Lightspeed: Year One
Edited by John Joseph Adams
(Prime Books, November 2011)
“I’m Alive, I Love You, I’ll See You in Reno” by Vylar Kaftan
“The Cassandra Project” by Jack McDevitt
“Cats in Victory” by David Barr Kirtley
“Amaryllis” by Carrie Vaughn
“No Time like the Present” by Carol Emshwiller
“Manumission” by Tobias S. Buckell
“The Zeppelin Conductors’ Society Annual Gentlemen’s Ball” by Genevieve Valentine
“…For a Single Yesterday” by George R.R. Martin
“How to Become a Mars Overlord” by Catherynne M. Valente
“Patient Zero” by Tananarive Due
“Arvies” by Adam-Troy Castro
“More than the Sum of His Parts” by Joe Haldeman
“Flower, Mercy, Needle, Chain” by Yoon Ha Lee
“The Long Chase” by Geoffrey A. Landis
“Amid the Words of War” by Cat Rambo
“Travelers” by Robert Silverberg
“Hindsight” by Sarah Langan
“Tight Little Stitches in a Dead Man’s Back” by Joe R. Lansdale
“The Taste of Starlight” by John R. Fulz
“Beachworld” by Stephen King
“Standard Loneliness Package” by Charles Yu
“Faces in Revolving Souls” by Caitlin R. Kiernan
“Hwang’s Billion Brilliant Daughters” by Alice Sola Kim
“EJ·ES” by Nancy Kress
“In-Fall” by Ted Kosmatka
“The Observer” by Kristine Kathryn Rusch
“Jenny’s Sick” by David Taucrum
“The Silence of the Asonu” by Ursula K Le Guin
“Postings from an Amorous Tomorrow” by Corey Mariani
“Cucumber Gravy” by Susan Palwick
“Black Fire” by Tanith Lee
“The Elephants of Poznan” by Orson Scott Card
“Long Enough and Just So Long” by Cat Rambo
“The Passenger” by June E. Czerneda
“Simulacrum” by Ken Liu
“Breakaway, Backdown” by James Patrick Kelly
“Saying the Names” by Maggie Clark
“Gossamer” by Stephen Baxter
“Spider the Artist” by Nnedi Okorafor
“Woman Leaves Room” by Robert Reed
“All That Touches the Air” by An Owomoyela
“Maneki Neko” by Bruce Sterling
“Mama, We Are Zhenya, Your Son” by Tom Crosshill
“Velvet Fields,” by Anne McCaffrey
“The Harrowers” by Eric Gregory
“Bibi From Jupiter” by Tessa Mellas
“Eliot Wrote” by Nancy Kress
“Scales” by Alastair Reynolds”
Reviewed by Chuck Rothman
In just over a year, Lightspeed has established itself as one of the premier magazines in the science fiction field, with five Nebula nominations (including three this year), nine stories reprinted in “Best of the Year” anthologies, plus several Hugo nominations (for story, semi-prozine, and editor). Editor John Joseph Adams clearly has a talent for picking top stories and he’s collected all the fiction for the first year of the magazine into one volume for those who like a book where they can actually turn the pages. It’s a massive work with 48 stories, including reprints.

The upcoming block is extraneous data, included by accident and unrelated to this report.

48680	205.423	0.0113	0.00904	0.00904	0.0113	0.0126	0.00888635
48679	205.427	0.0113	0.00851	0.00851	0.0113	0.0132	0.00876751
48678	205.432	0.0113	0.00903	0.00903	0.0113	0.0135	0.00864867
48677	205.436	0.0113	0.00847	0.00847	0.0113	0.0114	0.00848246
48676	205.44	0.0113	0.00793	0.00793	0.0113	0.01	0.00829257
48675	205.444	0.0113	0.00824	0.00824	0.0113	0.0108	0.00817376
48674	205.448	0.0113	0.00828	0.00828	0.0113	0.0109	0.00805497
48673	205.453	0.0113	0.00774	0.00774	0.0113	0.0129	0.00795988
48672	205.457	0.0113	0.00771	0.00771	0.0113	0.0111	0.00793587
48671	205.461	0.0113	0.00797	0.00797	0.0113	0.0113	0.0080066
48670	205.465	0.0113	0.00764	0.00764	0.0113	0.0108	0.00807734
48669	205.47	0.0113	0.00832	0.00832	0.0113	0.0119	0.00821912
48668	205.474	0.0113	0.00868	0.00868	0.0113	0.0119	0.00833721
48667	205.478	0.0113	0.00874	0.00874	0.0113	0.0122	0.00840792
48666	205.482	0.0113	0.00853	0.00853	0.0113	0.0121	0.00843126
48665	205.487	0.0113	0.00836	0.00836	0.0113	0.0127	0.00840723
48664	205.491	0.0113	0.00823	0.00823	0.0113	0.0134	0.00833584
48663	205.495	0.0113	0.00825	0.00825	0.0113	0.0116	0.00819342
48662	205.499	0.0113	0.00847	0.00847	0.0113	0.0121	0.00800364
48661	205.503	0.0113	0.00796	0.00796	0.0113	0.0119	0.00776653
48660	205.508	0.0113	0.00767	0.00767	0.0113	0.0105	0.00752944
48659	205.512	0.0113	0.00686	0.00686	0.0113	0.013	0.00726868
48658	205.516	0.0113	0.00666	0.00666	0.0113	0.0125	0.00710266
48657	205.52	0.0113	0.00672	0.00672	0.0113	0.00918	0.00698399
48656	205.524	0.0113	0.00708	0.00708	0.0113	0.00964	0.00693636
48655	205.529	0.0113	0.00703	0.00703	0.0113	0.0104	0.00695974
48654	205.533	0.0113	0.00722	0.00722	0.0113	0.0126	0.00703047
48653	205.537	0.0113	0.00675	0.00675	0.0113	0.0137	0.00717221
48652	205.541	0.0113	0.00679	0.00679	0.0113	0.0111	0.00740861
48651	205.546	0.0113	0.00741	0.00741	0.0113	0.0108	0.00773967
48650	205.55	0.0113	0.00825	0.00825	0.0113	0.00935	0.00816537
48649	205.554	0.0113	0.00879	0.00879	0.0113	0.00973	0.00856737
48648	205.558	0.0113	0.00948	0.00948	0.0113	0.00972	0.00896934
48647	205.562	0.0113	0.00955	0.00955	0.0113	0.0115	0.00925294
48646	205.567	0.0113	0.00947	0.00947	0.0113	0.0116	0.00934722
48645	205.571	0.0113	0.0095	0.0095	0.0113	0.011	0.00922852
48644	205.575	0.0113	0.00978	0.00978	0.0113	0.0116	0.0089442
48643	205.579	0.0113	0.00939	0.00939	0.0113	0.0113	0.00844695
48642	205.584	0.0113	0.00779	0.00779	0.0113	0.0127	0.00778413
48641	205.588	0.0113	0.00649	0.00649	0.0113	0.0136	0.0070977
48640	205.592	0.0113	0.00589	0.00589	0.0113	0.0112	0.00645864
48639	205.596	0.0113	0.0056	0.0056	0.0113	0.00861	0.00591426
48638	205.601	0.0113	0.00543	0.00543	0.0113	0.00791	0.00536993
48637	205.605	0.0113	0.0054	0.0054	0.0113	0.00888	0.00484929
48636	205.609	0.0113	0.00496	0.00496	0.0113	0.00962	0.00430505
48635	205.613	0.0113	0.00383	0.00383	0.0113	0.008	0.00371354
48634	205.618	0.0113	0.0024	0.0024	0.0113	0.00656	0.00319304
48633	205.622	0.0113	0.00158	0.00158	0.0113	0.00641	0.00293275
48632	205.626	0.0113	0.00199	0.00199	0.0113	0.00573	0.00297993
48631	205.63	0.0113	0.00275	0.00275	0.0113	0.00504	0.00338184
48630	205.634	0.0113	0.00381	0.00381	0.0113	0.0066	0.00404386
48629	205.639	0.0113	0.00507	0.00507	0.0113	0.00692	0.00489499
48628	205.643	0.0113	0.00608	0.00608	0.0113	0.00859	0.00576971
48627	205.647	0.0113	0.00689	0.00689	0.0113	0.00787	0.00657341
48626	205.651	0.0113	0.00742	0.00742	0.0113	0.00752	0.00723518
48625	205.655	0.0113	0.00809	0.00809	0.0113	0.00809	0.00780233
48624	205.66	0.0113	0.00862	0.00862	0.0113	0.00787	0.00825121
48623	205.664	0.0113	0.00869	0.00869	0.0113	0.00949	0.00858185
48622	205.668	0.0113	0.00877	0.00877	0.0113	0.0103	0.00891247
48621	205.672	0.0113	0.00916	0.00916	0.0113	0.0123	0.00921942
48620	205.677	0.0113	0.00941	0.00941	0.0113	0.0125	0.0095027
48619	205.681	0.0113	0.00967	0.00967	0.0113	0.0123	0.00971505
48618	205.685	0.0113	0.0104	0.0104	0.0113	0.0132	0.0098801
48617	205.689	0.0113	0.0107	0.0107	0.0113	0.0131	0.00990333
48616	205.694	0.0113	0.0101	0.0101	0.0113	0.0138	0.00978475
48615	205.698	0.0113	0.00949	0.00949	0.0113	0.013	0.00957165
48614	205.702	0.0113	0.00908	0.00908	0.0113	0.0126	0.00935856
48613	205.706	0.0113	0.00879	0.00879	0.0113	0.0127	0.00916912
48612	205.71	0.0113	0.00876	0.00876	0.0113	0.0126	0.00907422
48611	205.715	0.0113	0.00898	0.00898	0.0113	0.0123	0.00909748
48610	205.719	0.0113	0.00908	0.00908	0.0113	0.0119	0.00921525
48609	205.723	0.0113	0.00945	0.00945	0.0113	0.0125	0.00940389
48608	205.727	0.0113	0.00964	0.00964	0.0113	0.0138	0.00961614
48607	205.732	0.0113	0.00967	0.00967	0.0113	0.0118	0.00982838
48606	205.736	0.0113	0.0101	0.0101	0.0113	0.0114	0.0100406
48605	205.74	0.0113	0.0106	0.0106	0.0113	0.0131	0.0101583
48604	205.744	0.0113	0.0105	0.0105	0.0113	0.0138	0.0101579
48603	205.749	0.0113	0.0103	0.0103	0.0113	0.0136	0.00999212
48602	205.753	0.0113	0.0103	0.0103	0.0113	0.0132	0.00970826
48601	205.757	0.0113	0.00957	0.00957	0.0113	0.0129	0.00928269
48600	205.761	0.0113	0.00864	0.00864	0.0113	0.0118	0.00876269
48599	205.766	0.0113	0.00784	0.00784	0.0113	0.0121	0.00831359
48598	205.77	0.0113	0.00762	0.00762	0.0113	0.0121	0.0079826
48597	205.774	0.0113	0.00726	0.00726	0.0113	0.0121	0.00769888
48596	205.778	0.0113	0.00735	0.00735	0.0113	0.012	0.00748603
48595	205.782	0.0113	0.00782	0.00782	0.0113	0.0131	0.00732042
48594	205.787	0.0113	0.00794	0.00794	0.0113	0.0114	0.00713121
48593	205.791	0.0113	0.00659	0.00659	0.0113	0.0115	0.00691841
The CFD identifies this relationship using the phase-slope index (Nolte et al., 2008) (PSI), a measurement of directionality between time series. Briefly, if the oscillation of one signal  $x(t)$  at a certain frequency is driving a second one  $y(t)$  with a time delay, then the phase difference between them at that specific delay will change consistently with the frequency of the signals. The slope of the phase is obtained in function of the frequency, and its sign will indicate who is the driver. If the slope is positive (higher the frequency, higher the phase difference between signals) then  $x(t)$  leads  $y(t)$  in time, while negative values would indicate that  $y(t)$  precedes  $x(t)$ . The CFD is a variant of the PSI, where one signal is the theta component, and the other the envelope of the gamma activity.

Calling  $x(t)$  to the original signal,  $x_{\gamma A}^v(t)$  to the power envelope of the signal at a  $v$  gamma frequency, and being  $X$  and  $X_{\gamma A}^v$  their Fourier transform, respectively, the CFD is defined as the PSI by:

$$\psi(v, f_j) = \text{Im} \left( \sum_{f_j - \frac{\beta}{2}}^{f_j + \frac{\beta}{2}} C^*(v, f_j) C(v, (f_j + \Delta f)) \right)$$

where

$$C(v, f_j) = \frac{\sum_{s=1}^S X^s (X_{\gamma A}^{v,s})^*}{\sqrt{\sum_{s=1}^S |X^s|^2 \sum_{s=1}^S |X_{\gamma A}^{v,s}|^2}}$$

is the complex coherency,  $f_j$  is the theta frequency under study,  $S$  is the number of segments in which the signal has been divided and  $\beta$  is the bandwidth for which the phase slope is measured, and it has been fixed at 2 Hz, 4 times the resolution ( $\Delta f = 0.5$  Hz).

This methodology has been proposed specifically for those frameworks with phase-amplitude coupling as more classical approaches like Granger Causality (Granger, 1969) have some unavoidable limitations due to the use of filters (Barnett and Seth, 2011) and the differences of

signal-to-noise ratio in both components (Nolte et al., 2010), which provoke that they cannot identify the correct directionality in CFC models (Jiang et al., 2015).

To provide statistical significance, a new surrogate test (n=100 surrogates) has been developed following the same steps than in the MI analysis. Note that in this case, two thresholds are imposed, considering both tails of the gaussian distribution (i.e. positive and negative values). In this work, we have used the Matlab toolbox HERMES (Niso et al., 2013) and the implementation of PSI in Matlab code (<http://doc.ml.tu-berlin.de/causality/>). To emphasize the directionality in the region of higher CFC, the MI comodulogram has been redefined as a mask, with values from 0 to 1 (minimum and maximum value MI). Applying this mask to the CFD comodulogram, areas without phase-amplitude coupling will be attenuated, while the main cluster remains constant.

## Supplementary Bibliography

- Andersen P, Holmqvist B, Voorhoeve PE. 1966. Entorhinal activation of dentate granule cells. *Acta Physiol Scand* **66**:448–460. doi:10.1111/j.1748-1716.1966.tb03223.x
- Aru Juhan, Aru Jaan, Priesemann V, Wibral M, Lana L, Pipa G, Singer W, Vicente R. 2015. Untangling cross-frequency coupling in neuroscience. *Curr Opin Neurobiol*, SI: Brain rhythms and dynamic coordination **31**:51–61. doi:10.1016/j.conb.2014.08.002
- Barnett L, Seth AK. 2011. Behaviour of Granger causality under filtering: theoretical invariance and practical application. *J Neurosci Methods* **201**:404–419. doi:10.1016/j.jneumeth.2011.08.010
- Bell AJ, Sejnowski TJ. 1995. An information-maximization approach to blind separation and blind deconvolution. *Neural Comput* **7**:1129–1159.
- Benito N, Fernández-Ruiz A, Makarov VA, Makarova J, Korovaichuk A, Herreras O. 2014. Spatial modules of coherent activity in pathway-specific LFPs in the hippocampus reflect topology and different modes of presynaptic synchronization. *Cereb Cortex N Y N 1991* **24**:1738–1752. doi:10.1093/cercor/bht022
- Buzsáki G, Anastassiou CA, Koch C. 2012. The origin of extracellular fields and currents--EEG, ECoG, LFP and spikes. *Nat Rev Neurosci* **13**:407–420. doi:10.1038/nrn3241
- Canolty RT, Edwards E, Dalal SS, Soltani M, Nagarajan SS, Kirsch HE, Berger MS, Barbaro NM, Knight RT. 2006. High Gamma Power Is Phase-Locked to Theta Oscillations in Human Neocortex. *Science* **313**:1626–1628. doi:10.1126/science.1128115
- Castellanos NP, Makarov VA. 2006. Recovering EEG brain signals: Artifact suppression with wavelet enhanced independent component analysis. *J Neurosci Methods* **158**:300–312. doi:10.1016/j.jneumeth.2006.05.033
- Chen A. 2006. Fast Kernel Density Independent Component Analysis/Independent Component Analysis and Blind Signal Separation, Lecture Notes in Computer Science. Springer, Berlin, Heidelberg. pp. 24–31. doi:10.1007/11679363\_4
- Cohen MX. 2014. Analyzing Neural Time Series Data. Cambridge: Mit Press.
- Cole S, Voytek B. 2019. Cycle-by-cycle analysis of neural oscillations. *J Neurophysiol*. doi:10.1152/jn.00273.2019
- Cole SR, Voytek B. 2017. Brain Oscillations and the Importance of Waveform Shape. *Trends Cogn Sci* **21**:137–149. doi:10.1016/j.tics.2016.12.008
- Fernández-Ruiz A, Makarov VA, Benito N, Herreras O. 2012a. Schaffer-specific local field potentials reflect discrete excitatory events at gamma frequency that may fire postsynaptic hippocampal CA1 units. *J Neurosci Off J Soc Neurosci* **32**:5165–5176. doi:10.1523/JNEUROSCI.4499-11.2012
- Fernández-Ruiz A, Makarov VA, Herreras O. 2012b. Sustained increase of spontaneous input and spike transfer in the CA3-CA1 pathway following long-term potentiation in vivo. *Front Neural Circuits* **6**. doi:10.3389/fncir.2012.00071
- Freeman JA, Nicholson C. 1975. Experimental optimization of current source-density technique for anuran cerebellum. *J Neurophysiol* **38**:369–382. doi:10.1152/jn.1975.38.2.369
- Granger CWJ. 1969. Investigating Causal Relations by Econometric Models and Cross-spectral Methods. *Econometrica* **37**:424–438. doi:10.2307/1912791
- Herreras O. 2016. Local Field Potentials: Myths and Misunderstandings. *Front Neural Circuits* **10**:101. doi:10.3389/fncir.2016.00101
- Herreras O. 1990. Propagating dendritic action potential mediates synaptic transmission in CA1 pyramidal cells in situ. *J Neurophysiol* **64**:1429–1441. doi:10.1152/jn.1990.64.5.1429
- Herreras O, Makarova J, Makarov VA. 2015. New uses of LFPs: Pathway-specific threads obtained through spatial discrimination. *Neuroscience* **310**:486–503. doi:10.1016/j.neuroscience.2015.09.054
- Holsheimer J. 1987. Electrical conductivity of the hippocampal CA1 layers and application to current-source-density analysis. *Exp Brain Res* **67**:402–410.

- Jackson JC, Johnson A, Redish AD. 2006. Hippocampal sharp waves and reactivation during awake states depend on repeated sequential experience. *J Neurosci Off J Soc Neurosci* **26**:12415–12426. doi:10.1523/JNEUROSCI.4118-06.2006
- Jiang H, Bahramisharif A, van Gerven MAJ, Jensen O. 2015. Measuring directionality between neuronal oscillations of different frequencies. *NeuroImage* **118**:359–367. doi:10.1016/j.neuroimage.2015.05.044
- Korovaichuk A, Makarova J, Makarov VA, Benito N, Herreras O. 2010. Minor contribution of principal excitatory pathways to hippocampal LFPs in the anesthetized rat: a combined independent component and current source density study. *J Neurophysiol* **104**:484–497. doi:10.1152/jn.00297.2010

Adams is extremely busy; he’s also been putting out anthologies and has one of the quickest response times in the business. But he clearly knows a good story. The new stories in the anthology include some familiar names like Jack McDevitt, Carol Emshwiller, Tanith Lee, Robert Reed, and Nancy Kress, along with a bunch of up-and-coming authors like Genevieve Valentine, Yoon Ha Lee, Charles Yu, Ken Liu, An Owomoyela, and Cat Rambo.
The stories include a wide range of SF. Some are set on Earth, others in the far planets. If there’s a general theme, it’s that hard SF can take forms that John Campbell would never have thought of. There also seems to be an influx of authors of non-European descent, who often draw upon their cultures as a way to show worlds that are far different from what is standard in the genre.
There are so many stories here that it’s hard to pick favorites. Some of the new stories I liked best included:
· “The Cassandra Project,” by Jack McDevitt, where a mysterious discovery on the moon leads to a musing on the fate of civilization. This is the type of Big Idea story that hard SF excels in, and McDevitt excels himself in raising a question.
· “Cats in Victory” by David Barr Kirtley, in a far future world where humans are extinct and intelligent cats fight dogs for supremacy. It sounds silly, but most assuredly is not.
· Carol Emshwiller‘s “No Time Like the Present,” which shows her at her top form in a small town with some mysterious visitors.
· An alternate history, “The Zeppelin Conductors’ Society Annual Gentleman’s Ball,” where Genevieve Valentine portrays a very different world of Zeppelins that is far from standard straight-line extrapolation.
· “The Taste of Starlight,” a nasty little tale by John R. Fulz that takes a hard-choice situation similar to that in “The Cold Equations” and doubles down on the horror.
· Corey Mariani‘s “Postings from an Amorous Tomorrow,” which extrapolates the Facebook phenomenon into a horrifying future.
· Ken Liu‘s “Simulacrum,” about a maker of virtual reality people, and how it affects his relationship with his daughter over the years.
· “All that Touches the Air,” An Owomoyela‘s portrayal of life on a planet with dangerous — though not unfriendly — aliens and how they and the humans come to terms with their threat.
· “The Harrowers” by Eric Gregory, which shows a fascinating dystopian society and ever overcomes my usual lack of interest in zombie stories.
Even with these, it boils down to personal preferences; I think anyone reading the book will find favorite stories among them all.
The reprints are also well chosen. I was delighted to finally be able to read Joe R. Lansdale‘s “Tight Little Stitches in a Dead Man’s Back,” a title I loved for years, and a story that was nothing like what I had expected. Other strong reprints include “Patient Zero” by Tananarive Due, “The Elephans of Posnan” by Orson Scott Card, “Maneki Neko” by Bruce Sterling, and “Spider the Artist” by Nnedi Okorafor.
Ultimately, this is a first-class anthology that shows that Lightspeed‘s accolades are well deserved.